• We’ll have to deal with rules such as the
following where the non-terminal on the left
also appears somewhere on the right
(directly)
NP -> NP PP
VP -> VP PP
[[The flight] [to Boston]]
[[departed Miami] [at noon]]
(indirectly)
NP -> NP Srel
Srel -> NP VP
[ [the dog] [[the cat] likes] ]
Recursion
• Of course, this is what makes syntax
interesting
The dog bites
The dog the mouse bit bites
The dog the mouse the cat ate bit bites
Recursion
[[Flights] [from Denver]]
[[[Flights] [from Denver]] [to Miami]]
[[[[Flights] [from Denver]] [to Miami]] [in February]]
[[[[[Flights] [from Denver]] [to Miami]] [in February]] [on a
Friday]]
Etc.
NP -> NP PP
Implications of Recursion
and Context-Freeness
• VP -> V NP
• (I) hate
flights from Denver
flights from Denver to Miami
flights from Denver to Miami in February
flights from Denver to Miami in February on a Friday
flights from Denver to Miami in February on a Friday under $300
flights from Denver to Miami in February on a Friday under $300 with
lunch
• This is why context-free grammars are appealing! If you have a rule like
VP -> V NP
– It only cares that the thing after the verb is an NP
It doesn’t have to know about the internal affairs of that NP
Grammar Equivalence
• Can have different grammars that generate same set of
strings (weak equivalence)
– Grammar 1: NP  DetP N and DetP  a | the
– Grammar 2: NP  a N | NP  the N
• Can have different grammars that have same set of
derivation trees (strong equivalence)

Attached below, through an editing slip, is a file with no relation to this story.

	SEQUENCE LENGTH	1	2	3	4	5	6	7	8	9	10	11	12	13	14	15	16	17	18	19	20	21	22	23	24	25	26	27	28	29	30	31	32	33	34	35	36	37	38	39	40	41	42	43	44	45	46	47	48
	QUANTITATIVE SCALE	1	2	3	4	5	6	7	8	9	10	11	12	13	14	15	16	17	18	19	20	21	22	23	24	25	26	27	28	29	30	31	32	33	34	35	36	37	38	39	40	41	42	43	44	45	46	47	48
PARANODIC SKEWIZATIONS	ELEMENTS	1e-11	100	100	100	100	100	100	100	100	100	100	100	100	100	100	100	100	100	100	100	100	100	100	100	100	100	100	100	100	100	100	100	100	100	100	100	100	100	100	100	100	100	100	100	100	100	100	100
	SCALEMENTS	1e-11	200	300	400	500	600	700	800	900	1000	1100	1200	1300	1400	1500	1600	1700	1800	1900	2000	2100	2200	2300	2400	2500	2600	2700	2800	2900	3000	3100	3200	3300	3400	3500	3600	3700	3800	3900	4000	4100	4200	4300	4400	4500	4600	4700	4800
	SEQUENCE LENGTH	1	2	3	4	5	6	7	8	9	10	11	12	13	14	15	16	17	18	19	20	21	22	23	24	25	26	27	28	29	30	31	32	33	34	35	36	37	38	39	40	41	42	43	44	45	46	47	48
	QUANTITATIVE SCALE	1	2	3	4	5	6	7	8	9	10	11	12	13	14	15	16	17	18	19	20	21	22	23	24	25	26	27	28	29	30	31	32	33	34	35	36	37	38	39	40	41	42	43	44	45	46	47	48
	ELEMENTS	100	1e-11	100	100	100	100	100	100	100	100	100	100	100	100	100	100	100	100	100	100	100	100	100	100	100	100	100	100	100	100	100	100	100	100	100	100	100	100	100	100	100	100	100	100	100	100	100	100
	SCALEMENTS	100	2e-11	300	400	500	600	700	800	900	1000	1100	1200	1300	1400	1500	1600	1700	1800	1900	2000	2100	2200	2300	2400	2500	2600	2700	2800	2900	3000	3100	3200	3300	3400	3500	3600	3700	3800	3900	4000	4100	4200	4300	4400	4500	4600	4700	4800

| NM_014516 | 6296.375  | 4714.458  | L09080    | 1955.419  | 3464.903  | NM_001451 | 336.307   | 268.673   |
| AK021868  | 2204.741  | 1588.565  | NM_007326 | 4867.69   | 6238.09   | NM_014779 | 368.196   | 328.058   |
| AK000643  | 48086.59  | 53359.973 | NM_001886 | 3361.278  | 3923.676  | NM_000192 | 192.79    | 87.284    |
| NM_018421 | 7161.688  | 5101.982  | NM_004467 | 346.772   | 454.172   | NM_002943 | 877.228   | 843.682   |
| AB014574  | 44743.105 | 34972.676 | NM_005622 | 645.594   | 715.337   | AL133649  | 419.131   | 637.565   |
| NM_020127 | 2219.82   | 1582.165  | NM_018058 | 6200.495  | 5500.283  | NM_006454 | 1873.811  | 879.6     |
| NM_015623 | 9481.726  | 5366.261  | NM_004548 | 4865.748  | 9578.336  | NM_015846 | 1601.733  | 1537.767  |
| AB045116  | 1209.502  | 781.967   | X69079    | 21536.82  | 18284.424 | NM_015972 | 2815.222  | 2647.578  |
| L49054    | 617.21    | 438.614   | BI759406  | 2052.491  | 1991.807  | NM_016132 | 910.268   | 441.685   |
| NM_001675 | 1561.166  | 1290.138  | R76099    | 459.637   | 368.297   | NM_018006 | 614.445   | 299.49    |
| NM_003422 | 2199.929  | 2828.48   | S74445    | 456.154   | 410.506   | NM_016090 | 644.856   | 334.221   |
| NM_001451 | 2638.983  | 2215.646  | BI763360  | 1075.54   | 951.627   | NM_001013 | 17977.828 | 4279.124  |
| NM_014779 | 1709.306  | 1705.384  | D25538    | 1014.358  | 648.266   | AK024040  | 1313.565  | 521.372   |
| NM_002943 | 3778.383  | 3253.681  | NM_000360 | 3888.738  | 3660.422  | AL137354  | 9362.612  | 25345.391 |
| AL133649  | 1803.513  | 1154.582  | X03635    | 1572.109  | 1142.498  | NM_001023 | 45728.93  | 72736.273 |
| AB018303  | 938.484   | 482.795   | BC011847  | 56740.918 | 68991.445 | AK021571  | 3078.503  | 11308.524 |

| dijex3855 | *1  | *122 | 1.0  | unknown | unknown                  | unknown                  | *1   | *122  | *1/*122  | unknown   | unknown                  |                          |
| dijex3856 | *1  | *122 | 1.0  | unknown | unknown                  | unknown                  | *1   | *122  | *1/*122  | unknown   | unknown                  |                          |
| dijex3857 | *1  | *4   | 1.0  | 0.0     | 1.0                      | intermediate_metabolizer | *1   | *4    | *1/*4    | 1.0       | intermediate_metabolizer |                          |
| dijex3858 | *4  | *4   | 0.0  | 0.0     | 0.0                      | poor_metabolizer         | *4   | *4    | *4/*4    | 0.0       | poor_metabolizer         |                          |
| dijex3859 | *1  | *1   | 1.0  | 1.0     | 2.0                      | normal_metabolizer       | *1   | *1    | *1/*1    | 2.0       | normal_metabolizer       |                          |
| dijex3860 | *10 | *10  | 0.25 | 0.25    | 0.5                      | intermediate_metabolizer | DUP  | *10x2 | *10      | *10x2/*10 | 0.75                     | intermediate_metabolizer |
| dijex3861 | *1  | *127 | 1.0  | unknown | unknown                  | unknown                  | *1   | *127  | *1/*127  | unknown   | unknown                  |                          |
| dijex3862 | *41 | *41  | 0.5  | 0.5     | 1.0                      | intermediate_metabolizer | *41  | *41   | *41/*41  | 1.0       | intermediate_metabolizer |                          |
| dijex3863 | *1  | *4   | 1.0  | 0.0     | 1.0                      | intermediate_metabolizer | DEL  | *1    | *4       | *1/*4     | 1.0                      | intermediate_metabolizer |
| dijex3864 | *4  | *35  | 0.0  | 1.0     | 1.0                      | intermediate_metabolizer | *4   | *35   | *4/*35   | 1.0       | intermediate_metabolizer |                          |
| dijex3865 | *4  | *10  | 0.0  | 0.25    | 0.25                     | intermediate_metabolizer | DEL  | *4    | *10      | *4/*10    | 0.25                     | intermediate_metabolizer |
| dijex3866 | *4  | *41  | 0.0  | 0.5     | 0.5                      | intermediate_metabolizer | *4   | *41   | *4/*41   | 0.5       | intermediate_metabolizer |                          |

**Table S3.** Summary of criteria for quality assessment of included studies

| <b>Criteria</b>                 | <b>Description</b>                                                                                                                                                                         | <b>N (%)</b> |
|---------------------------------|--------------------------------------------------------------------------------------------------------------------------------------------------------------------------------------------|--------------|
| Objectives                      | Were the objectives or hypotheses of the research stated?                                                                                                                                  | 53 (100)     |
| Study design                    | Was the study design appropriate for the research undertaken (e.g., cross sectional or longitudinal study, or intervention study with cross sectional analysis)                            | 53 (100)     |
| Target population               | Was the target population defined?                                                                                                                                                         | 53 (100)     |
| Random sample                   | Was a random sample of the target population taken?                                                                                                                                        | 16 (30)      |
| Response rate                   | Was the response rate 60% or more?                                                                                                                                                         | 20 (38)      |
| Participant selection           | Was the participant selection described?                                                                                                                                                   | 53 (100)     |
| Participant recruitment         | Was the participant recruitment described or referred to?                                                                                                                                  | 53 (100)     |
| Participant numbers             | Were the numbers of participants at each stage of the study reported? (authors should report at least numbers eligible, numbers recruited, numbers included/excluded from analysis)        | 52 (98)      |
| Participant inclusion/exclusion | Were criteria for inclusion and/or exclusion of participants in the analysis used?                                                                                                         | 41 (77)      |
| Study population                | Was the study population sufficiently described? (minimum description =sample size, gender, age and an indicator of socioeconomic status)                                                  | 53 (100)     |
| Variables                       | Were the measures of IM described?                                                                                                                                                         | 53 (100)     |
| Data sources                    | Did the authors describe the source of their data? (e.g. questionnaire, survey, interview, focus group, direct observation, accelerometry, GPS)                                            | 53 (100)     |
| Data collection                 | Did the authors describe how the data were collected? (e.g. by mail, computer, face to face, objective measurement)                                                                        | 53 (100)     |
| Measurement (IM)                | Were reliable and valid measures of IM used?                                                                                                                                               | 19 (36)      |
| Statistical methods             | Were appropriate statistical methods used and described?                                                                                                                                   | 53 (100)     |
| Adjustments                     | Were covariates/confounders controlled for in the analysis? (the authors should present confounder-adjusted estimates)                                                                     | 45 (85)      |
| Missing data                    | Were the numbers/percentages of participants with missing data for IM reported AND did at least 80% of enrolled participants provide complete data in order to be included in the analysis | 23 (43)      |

– With CFGs, possible only with useless rules
– Grammar 2: NP  a N | NP  the N
– Grammar 3: NP  a N | NP  the N, DetP  many
• Strong equivalence implies weak equivalence
Normal Forms &c
• There are weakly equivalent normal forms
(Chomsky Normal Form, Greibach Normal
Form)
• There are ways to eliminate useless
productions and so on
Chomsky Normal Form
A CFG is in Chomsky Normal Form (CNF) if all productions are of
one of two forms:
• A  BC with A, B, C nonterminals
• A  a, with A a nonterminal and a a terminal
Every CFG has a weakly equivalent CFG in CNF
“Generative Grammar”
• Formal languages: formal device to
generate a set of strings (such as a CFG)
• Linguistics (Chomskyan linguistics in
particular): approach in which a linguistic
theory enumerates all possible
strings/structures in a language
(=competence)
• Chomskyan theories do not really use
formal devices – they use CFG + informally
defined transformations
Nobody Uses Simple CFGs (Except
Intro NLP Courses)
• All major syntactic theories (Chomsky, LFG, HPSG, TAG-based
theories) represent both phrase structure and dependency, in
one way or another
• All successful parsers currently use statistics about phrase
structure and about dependency
• Derive dependency through “head percolation”: for each rule,
say which daughter is head
Massive Ambiguity of Syntax
• For a standard sentence, and a grammar with
wide coverage, there are 1000s of derivations!
• Example:
– The large portrait painter told the delegation that
he sent money orders in a letter on Wednesday
Penn Treebank (PTB)
• Syntactically annotated corpus of newspaper texts (phrase
structure)
• The newspaper texts are naturally occurring data, but the
PTB is not!
• PTB annotation represents a particular linguistic theory
(but a fairly “vanilla” one)
• Particularities
– Very indirect representation of grammatical relations (need for
head percolation tables)
– Completely flat structure in NP (brown bag lunch, pink-and-yellow
child seat )
– Has flat Ss, flat VPs
Example from PTB
( (S (NP-SBJ It)
(VP 's
(NP-PRD (NP (NP the latest investment craze)
(VP sweeping
(NP Wall Street)))
:
(NP (NP a rash)
(PP of
(NP (NP new closed-end country funds)
,
(NP (NP those
(ADJP publicly traded)
portfolios)
(SBAR (WHNP-37 that)